"It's the people in Garrard County that ultimately have the responsibility for the county, not the government," Brunson said.
The commissioners said the plan should consider such topics as land use, infrastructure, education, recreation - the gamut of issues that affect the quality of life in the county.
But the difficulties in finding any kind of consensus were apparent.
Billy Conn, a farmer who said he was speaking for others in the county, said change isn't necessarily needed or wanted.
"I think the farmers want things to stay the way they are now," he said.
Others, however, said the time is right to start planning for the future.
Danny Irvin, a real estate professional and developer, suggested the county needs to catch up with its neighbors. Of the 17 counties in the Bluegrass Area Development District, Garrard is one of only four that doesn't have a Comprehensive Plan.
"It's hard for me to believe that all the other counties are wrong and we're right," said Irvin.
Commissioner Ray Woolsey, who is superintendent of the Garrard County Board of Education, said the county must "plan or suffer."
Assumptions made years ago about what the schools would need in the future were "flawed," he said. For instance, it wasn't hard to predict that the north part of the county would see big population growth.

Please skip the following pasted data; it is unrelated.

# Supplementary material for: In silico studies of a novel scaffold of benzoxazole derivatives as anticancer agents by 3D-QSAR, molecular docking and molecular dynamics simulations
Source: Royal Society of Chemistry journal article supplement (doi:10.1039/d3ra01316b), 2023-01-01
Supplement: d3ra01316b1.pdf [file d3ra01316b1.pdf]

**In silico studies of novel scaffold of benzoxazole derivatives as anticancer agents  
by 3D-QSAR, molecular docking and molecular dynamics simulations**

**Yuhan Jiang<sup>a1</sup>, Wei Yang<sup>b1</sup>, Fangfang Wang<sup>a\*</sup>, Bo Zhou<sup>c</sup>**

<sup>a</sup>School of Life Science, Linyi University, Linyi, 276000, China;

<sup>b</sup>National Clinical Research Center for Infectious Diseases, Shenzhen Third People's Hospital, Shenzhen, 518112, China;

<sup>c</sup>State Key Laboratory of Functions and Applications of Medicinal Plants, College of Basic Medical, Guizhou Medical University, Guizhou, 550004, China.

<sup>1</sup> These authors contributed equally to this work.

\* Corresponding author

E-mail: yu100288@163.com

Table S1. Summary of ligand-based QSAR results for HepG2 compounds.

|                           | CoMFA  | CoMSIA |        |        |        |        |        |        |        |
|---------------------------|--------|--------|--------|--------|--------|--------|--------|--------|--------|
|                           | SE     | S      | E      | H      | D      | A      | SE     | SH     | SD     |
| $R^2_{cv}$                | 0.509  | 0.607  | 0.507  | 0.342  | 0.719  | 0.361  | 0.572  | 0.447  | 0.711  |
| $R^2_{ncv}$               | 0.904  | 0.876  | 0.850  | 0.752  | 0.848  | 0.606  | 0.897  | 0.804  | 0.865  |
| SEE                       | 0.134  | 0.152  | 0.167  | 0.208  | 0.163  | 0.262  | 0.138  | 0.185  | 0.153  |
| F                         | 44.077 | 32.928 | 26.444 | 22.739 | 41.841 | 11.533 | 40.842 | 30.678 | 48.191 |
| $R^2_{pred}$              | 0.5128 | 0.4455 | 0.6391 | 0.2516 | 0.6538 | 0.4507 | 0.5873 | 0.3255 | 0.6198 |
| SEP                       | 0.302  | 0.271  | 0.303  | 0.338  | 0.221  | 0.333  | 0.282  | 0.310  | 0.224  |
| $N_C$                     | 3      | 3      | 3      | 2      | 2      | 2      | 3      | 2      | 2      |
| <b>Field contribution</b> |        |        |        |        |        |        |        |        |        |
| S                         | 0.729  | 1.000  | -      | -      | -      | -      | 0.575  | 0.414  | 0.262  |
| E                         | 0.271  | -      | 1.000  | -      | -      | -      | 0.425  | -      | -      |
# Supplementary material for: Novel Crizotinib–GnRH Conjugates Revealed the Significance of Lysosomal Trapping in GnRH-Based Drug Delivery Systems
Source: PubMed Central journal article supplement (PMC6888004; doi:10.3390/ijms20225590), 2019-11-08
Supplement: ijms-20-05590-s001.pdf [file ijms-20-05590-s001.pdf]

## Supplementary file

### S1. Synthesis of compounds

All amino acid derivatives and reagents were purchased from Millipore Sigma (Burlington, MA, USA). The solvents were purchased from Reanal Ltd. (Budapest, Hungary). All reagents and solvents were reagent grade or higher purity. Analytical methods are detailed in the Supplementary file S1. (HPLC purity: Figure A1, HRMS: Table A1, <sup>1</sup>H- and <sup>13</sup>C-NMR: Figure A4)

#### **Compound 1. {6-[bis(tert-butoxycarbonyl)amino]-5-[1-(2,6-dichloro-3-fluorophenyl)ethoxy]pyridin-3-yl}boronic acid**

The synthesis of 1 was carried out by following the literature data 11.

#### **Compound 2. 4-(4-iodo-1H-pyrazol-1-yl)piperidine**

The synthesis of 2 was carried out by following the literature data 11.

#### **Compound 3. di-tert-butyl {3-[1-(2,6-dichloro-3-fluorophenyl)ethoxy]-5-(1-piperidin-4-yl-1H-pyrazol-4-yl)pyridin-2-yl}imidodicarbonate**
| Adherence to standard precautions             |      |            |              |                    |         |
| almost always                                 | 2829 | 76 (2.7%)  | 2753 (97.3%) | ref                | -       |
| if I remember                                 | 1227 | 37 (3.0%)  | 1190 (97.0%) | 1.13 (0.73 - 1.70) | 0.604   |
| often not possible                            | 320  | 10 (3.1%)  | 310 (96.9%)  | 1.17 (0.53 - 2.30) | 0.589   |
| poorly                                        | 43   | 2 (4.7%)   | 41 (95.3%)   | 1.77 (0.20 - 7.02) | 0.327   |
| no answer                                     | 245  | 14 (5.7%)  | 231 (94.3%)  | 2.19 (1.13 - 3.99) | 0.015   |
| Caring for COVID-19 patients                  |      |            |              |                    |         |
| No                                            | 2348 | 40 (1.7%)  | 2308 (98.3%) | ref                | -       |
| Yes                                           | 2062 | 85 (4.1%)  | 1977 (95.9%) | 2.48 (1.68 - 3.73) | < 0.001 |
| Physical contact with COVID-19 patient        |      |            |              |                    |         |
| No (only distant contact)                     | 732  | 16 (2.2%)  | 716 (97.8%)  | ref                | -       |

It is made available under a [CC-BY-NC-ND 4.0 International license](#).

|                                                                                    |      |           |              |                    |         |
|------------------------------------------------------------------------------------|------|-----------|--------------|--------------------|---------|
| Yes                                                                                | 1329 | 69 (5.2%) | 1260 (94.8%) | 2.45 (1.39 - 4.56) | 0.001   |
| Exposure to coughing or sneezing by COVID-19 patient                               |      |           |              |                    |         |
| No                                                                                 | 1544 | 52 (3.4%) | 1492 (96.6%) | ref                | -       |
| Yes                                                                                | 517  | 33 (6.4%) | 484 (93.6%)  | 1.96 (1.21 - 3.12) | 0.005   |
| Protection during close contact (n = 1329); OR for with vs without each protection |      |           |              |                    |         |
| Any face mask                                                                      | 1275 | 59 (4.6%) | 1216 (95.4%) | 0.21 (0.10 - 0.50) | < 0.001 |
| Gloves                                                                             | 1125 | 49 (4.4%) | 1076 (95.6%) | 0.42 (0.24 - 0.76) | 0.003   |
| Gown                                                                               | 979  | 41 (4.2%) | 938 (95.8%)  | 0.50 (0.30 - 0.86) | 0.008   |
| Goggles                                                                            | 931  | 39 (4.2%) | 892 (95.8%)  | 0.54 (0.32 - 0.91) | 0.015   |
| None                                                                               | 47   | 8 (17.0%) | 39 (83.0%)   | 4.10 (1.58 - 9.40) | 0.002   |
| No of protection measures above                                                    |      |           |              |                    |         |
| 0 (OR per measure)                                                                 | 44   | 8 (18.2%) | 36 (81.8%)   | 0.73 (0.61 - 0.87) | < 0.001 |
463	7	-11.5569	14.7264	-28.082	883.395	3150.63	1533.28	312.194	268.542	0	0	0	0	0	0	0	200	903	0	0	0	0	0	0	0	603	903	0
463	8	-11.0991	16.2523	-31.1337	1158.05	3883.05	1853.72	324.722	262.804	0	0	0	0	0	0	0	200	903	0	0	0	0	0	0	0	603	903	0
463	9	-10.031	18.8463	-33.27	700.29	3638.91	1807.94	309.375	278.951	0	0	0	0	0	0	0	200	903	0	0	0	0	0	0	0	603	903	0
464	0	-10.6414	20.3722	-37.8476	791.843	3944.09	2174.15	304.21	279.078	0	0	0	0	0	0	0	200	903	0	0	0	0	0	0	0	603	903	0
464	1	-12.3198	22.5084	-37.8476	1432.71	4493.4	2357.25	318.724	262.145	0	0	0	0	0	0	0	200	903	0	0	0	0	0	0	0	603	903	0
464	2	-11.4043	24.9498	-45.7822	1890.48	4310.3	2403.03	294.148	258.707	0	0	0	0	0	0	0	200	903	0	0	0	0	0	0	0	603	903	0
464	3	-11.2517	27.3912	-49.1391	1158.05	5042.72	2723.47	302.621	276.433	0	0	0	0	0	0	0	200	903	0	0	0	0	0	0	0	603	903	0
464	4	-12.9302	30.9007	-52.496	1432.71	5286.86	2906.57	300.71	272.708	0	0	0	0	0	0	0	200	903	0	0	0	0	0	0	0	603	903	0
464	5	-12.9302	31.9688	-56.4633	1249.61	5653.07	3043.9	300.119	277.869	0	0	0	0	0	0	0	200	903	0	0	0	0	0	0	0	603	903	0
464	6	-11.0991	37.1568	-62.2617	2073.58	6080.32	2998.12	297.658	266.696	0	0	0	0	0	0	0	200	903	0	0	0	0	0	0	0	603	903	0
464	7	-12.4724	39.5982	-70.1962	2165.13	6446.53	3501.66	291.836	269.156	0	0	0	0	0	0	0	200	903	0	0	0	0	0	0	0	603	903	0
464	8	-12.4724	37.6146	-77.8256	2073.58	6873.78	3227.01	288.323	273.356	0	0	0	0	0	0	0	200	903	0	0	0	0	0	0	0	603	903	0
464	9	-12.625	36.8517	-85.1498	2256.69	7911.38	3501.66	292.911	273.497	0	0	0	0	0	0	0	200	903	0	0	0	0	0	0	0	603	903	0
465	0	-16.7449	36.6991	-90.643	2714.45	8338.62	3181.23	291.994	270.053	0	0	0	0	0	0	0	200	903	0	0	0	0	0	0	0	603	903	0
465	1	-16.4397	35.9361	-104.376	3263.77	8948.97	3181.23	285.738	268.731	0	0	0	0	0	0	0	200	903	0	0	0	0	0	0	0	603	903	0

What wasn't foreseen, however, was that the real increase in the number of children would be in Cartersville.
The problem, Woolsey said, is that homes in the north end, which typically attract commuters from Lexington, are still beyond the reach of young families, who tend to buy the smaller homes found in places like Paint Lick and Cartersville.
"So we don't make the same mistakes," he said, the county must be prepared. "The plan is the most important thing."
"We've got to get people involved so we can be ready for the next five, 10 years," Woolsey said. "We've got to have a plan together before we can ever decide what we're gonna do."
The key, he said, is public participation. It's the county's residents who know what they want, not the commission.
"I guarantee there isn't a member of the board who knows a thing about planning and zoning," Woolsey said.
Although specific suggestions for the Comprehensive Plan were few, the commissioners were upbeat about the beginning of the process. "It's a start," said Roger Miller. "I think it's something we can build on."